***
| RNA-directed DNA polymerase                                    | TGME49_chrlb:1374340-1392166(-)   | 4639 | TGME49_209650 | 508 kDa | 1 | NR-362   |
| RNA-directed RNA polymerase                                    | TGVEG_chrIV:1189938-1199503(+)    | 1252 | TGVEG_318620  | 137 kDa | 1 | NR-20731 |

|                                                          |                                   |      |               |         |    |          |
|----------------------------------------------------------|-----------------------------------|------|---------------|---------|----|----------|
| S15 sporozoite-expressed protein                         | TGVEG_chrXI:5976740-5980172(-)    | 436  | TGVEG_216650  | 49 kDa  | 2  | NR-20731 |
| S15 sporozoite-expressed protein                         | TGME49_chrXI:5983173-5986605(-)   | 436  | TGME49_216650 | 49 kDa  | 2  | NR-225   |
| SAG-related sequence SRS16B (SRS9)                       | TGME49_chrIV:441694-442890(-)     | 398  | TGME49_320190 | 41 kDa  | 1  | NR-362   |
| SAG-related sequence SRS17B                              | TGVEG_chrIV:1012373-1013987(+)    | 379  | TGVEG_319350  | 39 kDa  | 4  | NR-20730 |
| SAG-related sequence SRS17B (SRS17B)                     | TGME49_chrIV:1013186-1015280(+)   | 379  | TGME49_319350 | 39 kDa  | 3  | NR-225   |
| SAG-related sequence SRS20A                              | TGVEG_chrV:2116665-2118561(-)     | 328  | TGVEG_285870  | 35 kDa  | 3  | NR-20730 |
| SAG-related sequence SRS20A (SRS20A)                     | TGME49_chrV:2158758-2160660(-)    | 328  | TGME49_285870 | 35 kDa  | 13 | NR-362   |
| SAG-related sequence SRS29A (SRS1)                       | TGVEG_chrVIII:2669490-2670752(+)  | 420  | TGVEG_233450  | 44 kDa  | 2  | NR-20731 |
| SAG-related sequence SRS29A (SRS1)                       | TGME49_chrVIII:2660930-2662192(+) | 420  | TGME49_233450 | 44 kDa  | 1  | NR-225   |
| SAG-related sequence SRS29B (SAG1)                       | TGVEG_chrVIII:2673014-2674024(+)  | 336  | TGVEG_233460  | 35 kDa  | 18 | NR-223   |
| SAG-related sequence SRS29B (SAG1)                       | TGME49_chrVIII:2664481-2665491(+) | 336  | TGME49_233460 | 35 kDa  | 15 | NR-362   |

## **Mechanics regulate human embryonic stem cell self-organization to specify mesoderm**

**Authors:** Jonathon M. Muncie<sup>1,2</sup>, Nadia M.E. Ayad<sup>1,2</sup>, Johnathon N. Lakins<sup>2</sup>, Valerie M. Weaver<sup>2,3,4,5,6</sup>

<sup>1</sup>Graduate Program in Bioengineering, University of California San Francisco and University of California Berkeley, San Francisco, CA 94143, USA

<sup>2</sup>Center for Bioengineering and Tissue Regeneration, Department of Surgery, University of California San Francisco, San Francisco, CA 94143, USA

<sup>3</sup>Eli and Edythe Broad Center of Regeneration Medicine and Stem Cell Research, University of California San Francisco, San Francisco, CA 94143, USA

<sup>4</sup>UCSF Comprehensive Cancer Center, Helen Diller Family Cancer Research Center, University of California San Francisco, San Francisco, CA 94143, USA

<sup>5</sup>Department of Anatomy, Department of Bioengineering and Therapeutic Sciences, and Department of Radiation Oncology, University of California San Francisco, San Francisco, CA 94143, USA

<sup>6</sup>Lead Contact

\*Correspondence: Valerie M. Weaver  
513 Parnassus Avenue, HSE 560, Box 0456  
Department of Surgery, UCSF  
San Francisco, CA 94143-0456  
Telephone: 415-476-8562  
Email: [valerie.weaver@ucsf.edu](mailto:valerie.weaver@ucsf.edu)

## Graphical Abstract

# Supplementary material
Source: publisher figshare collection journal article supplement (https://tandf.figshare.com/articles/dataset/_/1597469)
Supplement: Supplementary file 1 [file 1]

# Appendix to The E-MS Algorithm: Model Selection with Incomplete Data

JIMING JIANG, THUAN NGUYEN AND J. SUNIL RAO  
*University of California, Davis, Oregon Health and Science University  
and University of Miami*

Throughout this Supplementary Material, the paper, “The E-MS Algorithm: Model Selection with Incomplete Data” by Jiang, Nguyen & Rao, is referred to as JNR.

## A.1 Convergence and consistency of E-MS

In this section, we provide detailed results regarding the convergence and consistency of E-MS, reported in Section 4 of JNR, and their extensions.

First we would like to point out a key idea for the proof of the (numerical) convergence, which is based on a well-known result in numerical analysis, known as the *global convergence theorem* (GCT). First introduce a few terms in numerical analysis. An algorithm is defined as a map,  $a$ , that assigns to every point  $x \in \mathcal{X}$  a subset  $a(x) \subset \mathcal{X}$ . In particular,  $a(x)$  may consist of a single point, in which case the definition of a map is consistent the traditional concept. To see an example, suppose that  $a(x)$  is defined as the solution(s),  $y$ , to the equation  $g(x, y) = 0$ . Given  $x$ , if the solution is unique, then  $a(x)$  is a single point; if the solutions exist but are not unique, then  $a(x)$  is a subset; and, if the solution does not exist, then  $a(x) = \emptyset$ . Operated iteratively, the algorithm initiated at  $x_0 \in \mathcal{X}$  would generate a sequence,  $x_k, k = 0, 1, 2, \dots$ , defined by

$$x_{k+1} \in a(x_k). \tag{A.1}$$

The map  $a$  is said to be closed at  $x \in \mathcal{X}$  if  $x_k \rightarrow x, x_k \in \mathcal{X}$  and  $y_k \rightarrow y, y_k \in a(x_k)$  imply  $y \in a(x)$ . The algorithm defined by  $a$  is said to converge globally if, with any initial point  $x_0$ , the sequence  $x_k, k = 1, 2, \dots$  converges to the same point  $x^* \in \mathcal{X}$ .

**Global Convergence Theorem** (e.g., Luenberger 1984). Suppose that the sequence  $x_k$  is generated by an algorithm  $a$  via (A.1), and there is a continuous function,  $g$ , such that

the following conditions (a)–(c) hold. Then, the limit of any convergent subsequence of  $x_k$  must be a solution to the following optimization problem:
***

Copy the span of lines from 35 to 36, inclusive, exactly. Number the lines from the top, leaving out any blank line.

JIMING JIANG, THUAN NGUYEN AND J. SUNIL RAO  
*University of California, Davis, Oregon Health and Science University  